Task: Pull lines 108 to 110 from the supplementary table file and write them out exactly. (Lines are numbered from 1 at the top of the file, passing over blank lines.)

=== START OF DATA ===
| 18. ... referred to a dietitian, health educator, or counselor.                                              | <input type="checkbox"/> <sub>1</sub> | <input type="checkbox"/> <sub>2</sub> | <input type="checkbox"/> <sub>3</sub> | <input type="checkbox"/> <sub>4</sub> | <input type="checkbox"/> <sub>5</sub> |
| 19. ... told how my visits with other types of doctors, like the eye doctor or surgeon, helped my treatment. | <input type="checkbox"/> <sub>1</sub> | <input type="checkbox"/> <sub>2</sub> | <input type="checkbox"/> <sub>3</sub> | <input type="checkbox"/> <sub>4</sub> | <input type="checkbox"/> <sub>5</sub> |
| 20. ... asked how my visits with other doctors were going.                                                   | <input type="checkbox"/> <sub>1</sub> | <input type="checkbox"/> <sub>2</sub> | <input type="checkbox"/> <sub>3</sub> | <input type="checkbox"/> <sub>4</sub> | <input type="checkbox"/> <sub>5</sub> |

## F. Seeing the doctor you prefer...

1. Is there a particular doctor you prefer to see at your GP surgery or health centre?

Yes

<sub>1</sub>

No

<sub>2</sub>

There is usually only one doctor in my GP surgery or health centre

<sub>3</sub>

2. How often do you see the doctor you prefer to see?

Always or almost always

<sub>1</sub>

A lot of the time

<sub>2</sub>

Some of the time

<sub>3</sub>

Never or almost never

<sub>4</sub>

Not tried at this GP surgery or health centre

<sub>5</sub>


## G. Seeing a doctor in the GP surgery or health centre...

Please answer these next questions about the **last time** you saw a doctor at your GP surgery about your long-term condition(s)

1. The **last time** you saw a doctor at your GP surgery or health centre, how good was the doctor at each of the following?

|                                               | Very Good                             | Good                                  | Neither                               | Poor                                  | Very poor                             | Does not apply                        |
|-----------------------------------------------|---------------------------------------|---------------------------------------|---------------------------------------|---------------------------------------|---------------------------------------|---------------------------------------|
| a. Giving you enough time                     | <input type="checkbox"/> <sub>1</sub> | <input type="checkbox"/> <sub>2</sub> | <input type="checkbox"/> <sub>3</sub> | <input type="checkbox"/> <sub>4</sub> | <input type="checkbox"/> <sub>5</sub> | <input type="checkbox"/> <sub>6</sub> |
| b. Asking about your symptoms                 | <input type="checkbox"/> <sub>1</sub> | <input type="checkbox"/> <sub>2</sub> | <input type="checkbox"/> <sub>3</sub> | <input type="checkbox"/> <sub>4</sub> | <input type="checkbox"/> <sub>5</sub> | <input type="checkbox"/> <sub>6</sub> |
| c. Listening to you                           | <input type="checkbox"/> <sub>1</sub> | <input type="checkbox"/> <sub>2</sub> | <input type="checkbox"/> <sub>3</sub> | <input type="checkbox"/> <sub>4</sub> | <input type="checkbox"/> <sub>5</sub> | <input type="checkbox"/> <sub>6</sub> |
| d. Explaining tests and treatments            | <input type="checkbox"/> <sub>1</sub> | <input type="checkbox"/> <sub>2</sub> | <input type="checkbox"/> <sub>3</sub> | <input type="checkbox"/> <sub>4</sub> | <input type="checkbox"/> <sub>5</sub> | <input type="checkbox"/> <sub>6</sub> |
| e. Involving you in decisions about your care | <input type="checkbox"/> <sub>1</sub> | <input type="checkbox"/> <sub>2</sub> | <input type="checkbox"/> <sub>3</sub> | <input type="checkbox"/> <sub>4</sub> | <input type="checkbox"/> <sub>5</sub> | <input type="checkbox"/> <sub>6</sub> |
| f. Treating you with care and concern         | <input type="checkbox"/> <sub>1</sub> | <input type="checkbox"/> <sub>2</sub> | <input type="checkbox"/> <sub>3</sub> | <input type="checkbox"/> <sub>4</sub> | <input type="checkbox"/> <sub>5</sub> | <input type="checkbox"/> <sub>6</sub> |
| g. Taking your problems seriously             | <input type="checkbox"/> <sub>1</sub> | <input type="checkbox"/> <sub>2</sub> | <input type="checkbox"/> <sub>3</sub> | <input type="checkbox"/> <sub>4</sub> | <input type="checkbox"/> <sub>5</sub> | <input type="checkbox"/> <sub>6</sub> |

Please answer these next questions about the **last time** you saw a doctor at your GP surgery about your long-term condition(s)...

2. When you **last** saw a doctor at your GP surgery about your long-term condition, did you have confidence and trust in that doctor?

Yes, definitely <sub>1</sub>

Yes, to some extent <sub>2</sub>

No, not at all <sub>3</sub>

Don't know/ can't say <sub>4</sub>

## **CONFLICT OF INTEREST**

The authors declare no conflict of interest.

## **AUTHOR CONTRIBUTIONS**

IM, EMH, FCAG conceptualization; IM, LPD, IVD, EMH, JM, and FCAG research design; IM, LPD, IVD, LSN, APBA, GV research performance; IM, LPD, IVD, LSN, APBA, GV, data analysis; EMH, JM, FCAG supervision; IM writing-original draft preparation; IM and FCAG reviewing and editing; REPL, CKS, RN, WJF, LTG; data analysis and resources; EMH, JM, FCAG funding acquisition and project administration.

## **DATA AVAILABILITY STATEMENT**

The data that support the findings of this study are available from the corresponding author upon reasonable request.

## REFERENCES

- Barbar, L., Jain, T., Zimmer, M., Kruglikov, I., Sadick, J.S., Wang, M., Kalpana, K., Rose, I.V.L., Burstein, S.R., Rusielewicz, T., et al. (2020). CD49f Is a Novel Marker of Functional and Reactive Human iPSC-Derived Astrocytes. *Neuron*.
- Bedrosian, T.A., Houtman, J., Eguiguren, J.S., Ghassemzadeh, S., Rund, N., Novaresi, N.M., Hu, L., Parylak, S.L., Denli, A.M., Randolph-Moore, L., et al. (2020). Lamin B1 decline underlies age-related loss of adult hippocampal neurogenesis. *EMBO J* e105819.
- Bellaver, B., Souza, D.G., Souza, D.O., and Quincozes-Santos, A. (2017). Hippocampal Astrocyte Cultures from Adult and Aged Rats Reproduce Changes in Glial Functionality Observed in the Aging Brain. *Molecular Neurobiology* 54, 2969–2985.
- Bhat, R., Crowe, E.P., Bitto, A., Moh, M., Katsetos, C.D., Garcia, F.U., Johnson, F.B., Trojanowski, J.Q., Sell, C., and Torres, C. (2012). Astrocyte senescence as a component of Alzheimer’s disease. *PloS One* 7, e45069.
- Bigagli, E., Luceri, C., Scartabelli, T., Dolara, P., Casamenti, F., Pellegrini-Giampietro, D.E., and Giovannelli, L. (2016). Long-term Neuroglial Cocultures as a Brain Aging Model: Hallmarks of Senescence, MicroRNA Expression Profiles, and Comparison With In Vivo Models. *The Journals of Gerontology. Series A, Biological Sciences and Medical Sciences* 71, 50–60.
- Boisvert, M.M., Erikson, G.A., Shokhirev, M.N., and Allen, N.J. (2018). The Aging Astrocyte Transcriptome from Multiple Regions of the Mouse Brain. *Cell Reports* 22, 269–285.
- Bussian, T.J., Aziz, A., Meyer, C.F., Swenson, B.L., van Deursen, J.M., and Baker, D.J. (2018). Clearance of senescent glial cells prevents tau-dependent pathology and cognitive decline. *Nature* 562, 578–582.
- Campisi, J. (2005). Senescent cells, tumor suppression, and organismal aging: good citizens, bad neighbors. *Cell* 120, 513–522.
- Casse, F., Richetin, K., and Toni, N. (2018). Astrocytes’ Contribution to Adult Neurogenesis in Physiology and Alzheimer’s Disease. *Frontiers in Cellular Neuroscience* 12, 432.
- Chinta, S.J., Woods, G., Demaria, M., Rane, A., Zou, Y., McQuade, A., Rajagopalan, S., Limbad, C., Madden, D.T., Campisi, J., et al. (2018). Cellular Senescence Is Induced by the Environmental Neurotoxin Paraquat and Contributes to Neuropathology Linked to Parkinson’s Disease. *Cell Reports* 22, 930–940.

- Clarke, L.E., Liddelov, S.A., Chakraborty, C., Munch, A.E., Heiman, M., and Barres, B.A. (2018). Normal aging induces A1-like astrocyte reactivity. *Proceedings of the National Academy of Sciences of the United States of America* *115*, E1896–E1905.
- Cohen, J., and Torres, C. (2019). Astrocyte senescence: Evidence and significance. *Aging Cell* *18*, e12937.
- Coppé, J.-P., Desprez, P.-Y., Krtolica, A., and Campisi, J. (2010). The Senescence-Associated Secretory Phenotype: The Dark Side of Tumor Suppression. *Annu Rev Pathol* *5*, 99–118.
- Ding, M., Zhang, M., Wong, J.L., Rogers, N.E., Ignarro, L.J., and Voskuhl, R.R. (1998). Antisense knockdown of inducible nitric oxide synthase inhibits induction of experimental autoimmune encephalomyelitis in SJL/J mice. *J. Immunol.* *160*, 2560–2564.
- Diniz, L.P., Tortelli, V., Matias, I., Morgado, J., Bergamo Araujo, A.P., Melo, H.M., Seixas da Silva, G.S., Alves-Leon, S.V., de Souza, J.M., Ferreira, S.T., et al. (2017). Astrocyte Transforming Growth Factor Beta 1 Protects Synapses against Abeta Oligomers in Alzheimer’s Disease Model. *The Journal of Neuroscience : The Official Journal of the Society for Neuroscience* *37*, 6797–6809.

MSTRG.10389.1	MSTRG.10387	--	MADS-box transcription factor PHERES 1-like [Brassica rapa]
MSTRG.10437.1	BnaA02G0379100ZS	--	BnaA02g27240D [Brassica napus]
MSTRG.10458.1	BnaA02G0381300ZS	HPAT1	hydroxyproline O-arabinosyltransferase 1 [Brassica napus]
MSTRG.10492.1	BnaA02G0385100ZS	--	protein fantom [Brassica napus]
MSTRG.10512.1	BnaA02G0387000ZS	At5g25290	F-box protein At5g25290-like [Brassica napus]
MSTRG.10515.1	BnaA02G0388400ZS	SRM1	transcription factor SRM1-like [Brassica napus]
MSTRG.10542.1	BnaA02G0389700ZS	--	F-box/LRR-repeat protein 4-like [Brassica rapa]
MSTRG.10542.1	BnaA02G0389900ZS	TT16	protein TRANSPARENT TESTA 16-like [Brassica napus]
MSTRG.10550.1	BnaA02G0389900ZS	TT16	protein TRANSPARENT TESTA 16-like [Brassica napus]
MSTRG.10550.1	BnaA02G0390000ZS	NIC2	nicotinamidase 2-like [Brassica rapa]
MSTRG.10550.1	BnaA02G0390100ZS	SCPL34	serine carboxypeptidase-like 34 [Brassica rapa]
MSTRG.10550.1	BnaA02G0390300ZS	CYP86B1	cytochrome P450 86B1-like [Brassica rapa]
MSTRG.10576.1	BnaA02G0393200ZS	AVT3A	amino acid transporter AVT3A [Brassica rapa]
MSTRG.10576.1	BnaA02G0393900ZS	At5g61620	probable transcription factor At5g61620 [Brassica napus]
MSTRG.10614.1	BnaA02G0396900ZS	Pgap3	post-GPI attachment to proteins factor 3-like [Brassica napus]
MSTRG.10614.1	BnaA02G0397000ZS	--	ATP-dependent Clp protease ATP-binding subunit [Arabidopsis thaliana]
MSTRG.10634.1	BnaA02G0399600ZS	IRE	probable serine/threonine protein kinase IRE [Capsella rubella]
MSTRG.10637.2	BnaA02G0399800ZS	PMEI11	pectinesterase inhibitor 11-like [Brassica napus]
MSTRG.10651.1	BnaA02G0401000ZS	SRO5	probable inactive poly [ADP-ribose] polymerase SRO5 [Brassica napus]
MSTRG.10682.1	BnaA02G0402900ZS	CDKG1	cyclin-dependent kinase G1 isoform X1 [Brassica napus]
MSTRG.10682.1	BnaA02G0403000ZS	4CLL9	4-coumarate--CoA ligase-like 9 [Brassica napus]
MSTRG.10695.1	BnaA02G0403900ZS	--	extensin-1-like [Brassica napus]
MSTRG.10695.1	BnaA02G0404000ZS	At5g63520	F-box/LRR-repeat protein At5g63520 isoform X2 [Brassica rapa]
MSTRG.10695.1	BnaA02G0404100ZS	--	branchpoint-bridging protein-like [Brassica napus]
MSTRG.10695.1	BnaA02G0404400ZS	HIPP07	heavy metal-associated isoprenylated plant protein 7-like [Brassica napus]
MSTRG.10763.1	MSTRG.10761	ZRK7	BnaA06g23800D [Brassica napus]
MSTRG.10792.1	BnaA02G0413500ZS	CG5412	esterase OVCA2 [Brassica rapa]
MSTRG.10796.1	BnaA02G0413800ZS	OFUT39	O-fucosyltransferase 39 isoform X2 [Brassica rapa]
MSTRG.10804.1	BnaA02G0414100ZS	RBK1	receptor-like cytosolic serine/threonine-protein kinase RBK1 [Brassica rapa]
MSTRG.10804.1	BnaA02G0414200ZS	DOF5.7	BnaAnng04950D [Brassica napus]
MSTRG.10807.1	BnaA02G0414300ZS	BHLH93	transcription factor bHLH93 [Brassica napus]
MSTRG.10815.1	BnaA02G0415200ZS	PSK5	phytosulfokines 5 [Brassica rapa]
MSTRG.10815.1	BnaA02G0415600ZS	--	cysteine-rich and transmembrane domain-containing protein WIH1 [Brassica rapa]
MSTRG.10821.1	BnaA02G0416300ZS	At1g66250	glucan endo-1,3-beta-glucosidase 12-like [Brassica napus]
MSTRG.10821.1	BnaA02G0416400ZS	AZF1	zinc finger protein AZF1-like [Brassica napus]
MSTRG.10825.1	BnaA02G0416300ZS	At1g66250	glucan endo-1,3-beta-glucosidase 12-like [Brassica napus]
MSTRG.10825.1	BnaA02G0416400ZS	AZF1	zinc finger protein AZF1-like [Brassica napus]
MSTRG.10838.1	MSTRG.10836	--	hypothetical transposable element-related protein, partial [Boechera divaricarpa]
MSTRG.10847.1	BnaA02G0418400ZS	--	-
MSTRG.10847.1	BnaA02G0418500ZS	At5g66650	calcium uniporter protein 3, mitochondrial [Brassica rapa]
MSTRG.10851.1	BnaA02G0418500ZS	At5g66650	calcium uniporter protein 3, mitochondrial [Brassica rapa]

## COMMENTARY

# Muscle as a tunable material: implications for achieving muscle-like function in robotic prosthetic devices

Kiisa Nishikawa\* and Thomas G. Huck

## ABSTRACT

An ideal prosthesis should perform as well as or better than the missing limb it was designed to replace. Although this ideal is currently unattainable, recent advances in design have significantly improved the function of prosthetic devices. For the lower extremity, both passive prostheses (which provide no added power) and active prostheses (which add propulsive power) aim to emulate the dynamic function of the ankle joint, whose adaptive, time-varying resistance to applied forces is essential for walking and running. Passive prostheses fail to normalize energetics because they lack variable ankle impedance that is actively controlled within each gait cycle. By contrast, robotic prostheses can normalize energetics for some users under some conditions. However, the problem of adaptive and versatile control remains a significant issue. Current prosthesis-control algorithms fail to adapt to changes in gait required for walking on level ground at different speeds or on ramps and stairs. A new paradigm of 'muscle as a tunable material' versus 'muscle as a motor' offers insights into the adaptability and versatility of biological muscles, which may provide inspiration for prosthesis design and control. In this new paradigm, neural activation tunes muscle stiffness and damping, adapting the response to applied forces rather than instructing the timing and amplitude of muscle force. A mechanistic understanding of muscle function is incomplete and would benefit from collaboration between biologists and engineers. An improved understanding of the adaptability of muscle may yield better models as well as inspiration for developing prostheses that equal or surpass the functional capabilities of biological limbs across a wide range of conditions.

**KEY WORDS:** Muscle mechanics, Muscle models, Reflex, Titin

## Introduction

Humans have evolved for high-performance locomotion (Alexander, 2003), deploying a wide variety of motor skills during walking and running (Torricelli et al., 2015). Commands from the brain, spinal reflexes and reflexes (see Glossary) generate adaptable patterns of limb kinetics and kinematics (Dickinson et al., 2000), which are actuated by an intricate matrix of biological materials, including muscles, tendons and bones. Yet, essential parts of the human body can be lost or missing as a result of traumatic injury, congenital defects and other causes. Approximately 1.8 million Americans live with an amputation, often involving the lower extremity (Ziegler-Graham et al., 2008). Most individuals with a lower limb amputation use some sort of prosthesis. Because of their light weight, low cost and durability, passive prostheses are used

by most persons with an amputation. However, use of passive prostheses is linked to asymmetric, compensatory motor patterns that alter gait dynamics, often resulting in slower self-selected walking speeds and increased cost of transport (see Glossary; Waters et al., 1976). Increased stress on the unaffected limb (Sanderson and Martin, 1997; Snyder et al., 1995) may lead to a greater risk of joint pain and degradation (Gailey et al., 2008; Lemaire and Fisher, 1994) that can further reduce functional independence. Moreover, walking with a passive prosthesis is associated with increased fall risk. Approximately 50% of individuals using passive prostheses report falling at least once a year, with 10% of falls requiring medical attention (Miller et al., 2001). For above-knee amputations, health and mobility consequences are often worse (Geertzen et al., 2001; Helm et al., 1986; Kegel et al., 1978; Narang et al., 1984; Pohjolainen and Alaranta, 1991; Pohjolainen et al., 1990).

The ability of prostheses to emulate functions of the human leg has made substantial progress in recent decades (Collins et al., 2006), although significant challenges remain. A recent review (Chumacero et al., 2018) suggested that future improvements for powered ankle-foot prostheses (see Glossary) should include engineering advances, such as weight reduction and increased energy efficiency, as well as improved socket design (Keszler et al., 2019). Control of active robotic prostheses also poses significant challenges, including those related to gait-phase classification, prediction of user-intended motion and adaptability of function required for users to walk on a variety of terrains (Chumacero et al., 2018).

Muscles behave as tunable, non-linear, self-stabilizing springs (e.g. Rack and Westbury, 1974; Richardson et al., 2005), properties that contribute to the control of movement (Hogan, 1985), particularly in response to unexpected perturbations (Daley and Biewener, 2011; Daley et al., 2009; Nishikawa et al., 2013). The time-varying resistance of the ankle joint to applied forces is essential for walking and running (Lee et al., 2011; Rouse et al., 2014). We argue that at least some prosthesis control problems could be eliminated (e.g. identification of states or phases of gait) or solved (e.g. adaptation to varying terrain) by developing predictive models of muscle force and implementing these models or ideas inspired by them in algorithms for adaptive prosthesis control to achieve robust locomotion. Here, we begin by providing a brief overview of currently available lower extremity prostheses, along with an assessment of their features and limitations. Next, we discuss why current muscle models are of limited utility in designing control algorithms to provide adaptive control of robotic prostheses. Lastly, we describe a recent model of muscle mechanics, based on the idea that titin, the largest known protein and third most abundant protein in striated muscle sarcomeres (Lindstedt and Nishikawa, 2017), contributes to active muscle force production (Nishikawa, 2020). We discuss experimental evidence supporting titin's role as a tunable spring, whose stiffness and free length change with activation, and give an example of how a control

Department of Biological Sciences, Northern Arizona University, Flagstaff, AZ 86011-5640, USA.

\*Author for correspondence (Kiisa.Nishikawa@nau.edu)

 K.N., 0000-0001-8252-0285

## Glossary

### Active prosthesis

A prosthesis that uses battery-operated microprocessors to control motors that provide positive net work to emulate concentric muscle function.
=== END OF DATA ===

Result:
An ideal prosthesis should perform as well as or better than the missing limb it was designed to replace. Although this ideal is currently unattainable, recent advances in design have significantly improved the function of prosthetic devices. For the lower extremity, both passive prostheses (which provide no added power) and active prostheses (which add propulsive power) aim to emulate the dynamic function of the ankle joint, whose adaptive, time-varying resistance to applied forces is essential for walking and running. Passive prostheses fail to normalize energetics because they lack variable ankle impedance that is actively controlled within each gait cycle. By contrast, robotic prostheses can normalize energetics for some users under some conditions. However, the problem of adaptive and versatile control remains a significant issue. Current prosthesis-control algorithms fail to adapt to changes in gait required for walking on level ground at different speeds or on ramps and stairs. A new paradigm of 'muscle as a tunable material' versus 'muscle as a motor' offers insights into the adaptability and versatility of biological muscles, which may provide inspiration for prosthesis design and control. In this new paradigm, neural activation tunes muscle stiffness and damping, adapting the response to applied forces rather than instructing the timing and amplitude of muscle force. A mechanistic understanding of muscle function is incomplete and would benefit from collaboration between biologists and engineers. An improved understanding of the adaptability of muscle may yield better models as well as inspiration for developing prostheses that equal or surpass the functional capabilities of biological limbs across a wide range of conditions.

**KEY WORDS:** Muscle mechanics, Muscle models, Reflex, Titin

## Introduction